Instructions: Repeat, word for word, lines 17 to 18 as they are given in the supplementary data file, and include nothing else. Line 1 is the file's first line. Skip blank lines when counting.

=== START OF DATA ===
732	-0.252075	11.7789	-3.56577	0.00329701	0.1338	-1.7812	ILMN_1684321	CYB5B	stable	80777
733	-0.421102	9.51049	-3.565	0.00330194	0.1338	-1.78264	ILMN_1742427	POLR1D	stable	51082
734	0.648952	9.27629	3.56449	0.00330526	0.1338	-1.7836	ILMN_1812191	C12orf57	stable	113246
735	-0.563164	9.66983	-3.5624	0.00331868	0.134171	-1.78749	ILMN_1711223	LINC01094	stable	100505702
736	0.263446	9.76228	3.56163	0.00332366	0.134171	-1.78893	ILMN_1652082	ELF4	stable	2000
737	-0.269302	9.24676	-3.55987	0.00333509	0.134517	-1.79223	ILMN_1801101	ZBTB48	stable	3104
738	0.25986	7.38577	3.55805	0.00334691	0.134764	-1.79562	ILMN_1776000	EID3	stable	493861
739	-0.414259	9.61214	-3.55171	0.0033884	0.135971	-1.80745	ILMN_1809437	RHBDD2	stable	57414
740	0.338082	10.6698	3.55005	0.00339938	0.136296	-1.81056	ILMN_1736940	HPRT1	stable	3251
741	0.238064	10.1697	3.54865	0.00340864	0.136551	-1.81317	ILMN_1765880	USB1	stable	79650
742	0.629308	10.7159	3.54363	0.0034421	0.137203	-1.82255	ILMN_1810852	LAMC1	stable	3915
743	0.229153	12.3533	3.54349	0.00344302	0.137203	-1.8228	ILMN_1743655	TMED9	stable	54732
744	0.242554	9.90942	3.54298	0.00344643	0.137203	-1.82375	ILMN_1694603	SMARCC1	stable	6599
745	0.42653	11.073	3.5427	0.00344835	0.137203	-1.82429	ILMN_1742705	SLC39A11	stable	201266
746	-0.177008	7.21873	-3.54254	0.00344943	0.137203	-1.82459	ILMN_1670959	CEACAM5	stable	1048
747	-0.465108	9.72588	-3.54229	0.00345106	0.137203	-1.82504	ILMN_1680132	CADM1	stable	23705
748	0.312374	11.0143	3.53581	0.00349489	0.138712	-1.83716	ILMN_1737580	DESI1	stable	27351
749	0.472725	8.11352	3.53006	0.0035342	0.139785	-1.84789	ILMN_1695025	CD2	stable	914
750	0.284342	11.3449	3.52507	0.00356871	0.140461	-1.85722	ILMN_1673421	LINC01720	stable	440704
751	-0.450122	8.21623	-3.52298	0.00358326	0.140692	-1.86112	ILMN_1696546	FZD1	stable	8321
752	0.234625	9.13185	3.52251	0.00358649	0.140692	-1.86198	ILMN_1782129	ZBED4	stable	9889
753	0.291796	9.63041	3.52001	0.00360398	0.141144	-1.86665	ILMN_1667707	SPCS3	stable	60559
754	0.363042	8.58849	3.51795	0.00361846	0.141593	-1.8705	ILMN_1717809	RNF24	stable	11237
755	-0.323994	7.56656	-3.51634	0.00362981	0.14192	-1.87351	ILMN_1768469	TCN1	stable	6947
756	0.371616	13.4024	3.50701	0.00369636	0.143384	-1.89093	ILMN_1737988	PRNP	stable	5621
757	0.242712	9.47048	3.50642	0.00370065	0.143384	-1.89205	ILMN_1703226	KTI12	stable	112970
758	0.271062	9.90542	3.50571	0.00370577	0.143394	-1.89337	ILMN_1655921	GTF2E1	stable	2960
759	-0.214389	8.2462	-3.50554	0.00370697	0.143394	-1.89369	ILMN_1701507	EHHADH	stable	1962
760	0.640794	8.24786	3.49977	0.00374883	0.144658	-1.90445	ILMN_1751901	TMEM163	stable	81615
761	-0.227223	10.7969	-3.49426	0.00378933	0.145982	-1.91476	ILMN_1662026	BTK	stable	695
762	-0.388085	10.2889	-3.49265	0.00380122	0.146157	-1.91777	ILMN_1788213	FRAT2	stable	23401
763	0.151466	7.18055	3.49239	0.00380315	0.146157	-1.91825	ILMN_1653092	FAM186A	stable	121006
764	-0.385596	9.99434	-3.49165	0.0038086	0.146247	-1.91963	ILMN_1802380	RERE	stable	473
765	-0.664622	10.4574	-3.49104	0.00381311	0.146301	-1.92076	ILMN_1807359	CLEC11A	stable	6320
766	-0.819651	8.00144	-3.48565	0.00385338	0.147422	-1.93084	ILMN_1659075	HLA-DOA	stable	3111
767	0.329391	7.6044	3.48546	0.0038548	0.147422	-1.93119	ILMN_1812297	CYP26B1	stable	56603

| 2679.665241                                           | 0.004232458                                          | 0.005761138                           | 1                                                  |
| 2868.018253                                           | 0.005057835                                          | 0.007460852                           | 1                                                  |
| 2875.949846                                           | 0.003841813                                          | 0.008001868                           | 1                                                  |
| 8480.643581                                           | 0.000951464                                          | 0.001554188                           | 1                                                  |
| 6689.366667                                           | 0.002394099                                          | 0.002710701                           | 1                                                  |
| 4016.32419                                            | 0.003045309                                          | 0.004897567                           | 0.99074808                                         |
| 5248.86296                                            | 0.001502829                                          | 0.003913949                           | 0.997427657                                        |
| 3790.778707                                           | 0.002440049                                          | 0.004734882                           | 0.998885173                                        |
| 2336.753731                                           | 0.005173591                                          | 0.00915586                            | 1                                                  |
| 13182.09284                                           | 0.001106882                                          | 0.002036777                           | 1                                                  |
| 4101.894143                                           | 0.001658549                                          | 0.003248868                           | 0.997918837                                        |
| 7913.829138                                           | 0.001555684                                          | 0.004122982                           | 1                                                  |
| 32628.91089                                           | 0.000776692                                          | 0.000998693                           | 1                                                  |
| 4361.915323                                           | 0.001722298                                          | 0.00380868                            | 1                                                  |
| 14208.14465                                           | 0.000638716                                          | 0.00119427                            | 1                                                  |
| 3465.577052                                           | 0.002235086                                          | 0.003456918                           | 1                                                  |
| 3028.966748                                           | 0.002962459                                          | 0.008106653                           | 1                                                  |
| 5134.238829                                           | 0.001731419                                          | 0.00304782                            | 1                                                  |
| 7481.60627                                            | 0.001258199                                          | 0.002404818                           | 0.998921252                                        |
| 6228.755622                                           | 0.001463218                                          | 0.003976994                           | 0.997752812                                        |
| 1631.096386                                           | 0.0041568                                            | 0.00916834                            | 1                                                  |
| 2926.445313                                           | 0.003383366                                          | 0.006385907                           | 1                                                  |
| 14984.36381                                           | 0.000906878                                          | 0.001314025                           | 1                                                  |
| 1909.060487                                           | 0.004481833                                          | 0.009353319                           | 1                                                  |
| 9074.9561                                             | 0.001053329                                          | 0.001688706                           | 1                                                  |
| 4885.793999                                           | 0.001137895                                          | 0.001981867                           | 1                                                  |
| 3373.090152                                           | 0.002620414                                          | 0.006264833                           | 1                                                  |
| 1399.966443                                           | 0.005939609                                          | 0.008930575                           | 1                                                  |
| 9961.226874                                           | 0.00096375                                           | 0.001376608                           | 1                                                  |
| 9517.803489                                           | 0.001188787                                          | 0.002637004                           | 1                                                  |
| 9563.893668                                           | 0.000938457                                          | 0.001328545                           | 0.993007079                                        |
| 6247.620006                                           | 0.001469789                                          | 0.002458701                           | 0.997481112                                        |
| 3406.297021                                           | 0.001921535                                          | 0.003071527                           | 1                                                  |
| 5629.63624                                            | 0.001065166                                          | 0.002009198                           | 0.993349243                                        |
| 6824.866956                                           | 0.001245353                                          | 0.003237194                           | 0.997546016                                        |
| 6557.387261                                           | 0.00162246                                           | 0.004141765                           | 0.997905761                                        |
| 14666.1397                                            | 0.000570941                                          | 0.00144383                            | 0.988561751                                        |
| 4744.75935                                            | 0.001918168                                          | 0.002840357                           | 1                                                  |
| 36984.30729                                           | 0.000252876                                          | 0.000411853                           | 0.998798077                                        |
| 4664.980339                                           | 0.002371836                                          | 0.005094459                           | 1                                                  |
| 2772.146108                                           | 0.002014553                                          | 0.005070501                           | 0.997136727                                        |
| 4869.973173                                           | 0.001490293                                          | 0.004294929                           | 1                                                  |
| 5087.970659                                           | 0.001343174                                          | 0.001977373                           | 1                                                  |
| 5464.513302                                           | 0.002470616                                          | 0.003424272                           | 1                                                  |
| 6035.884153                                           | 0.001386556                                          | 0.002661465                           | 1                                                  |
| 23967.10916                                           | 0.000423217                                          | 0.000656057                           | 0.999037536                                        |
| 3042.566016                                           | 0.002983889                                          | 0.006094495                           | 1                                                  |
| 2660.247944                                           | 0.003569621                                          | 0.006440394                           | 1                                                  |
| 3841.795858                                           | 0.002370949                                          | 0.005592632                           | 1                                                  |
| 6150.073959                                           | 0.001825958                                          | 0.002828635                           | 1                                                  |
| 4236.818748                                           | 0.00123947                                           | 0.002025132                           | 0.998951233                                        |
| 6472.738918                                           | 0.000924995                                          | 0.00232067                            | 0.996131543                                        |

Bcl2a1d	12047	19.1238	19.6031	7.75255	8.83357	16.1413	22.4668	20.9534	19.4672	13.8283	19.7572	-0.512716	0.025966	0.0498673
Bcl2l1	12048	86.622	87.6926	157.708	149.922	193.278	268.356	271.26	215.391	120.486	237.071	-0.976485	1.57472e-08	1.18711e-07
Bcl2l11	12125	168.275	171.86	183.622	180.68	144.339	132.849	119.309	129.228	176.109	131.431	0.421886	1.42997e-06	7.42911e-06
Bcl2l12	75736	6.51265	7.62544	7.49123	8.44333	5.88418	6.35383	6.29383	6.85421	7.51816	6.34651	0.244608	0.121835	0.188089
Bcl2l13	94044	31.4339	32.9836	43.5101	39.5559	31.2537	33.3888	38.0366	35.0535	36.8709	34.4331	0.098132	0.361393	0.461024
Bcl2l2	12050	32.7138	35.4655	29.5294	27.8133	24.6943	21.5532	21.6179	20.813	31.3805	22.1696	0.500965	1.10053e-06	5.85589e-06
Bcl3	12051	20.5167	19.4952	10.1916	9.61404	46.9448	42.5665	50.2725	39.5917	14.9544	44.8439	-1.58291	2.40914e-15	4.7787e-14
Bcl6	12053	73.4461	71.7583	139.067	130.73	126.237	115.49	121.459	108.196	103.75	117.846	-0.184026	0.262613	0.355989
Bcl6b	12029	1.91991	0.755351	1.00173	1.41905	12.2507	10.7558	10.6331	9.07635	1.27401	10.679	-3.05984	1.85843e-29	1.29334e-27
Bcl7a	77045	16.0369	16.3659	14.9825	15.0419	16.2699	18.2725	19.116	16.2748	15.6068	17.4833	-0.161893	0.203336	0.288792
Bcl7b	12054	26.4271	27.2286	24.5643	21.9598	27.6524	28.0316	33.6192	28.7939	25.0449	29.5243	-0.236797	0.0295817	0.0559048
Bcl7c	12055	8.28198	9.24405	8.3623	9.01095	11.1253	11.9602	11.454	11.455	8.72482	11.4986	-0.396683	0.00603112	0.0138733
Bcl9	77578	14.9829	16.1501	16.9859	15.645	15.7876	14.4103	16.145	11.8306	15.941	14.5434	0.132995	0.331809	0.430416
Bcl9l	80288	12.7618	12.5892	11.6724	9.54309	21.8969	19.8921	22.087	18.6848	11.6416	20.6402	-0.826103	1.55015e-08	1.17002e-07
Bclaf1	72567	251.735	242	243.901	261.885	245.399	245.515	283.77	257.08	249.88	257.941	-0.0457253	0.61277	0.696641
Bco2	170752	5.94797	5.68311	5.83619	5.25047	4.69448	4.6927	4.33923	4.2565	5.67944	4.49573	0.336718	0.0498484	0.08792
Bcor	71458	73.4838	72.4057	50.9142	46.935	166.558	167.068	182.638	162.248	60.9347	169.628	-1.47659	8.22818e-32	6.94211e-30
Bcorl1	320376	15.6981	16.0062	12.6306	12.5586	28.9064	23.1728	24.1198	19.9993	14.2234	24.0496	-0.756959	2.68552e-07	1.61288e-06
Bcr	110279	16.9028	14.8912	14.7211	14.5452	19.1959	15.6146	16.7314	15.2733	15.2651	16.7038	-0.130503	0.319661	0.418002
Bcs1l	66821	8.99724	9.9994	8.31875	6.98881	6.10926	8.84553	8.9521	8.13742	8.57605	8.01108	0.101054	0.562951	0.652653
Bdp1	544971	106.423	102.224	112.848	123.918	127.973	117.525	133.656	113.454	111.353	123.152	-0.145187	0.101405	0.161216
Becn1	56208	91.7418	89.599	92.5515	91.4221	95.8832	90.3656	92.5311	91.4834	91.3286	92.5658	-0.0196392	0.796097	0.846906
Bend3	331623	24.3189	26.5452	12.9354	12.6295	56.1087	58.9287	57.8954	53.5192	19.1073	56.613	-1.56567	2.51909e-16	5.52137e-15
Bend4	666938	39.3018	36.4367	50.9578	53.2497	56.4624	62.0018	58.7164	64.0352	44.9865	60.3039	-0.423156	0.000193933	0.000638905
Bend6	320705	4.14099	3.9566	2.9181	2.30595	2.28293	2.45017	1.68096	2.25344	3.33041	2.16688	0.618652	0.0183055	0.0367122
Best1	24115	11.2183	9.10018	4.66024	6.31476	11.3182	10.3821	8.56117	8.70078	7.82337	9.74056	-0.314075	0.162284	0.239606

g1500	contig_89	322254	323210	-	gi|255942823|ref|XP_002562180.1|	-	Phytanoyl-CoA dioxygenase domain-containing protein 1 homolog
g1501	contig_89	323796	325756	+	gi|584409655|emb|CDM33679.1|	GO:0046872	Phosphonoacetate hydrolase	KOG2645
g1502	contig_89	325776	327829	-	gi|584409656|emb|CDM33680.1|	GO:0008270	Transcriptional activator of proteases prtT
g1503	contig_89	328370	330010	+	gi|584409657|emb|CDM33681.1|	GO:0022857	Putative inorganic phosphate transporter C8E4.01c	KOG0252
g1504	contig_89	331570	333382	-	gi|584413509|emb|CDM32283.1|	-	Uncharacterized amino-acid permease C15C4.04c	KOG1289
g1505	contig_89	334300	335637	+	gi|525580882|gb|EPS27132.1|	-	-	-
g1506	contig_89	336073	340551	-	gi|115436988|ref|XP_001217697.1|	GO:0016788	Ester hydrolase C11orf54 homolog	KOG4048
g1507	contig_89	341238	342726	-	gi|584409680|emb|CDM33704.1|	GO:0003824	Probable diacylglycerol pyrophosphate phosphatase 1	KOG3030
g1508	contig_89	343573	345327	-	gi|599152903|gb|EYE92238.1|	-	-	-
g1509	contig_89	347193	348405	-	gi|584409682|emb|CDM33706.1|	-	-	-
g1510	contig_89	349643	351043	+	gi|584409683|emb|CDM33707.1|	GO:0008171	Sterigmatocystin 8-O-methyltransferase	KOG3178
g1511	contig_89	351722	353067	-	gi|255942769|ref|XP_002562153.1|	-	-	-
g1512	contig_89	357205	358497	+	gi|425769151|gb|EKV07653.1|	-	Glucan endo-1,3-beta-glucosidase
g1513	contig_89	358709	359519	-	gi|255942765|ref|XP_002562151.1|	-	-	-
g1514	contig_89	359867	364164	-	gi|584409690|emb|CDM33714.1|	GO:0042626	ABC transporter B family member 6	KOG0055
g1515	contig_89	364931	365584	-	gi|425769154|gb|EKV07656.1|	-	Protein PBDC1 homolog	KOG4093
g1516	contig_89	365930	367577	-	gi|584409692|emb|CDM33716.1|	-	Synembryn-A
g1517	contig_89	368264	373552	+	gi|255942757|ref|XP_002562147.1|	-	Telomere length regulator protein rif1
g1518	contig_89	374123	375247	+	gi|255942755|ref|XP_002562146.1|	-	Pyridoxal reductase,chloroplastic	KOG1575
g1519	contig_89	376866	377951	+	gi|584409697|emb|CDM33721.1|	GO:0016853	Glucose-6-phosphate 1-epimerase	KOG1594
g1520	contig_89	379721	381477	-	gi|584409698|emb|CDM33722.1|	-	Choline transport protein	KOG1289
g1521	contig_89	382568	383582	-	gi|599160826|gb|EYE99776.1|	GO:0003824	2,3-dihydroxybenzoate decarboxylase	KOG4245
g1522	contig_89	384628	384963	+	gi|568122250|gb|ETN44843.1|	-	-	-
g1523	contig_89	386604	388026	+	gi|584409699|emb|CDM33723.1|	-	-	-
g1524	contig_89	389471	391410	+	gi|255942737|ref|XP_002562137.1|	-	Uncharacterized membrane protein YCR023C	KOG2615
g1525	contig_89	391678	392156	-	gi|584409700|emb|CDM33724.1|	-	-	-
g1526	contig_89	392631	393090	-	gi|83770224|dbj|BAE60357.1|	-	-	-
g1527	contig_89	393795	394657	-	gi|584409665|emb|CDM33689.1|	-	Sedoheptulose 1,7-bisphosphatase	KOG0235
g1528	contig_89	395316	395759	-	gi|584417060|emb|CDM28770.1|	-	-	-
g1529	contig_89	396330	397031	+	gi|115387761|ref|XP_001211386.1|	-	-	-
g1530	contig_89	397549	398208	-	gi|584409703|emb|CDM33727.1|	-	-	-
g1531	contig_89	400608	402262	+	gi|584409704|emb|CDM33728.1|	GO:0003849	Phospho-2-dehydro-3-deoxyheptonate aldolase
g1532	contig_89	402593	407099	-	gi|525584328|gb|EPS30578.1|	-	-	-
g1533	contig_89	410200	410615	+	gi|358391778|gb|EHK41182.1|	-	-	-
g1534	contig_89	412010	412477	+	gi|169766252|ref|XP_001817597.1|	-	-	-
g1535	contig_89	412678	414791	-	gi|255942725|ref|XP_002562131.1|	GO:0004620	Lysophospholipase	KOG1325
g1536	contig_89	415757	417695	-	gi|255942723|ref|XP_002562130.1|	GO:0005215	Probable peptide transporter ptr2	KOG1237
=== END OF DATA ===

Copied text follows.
748	0.312374	11.0143	3.53581	0.00349489	0.138712	-1.83716	ILMN_1737580	DESI1	stable	27351
749	0.472725	8.11352	3.53006	0.0035342	0.139785	-1.84789	ILMN_1695025	CD2	stable	914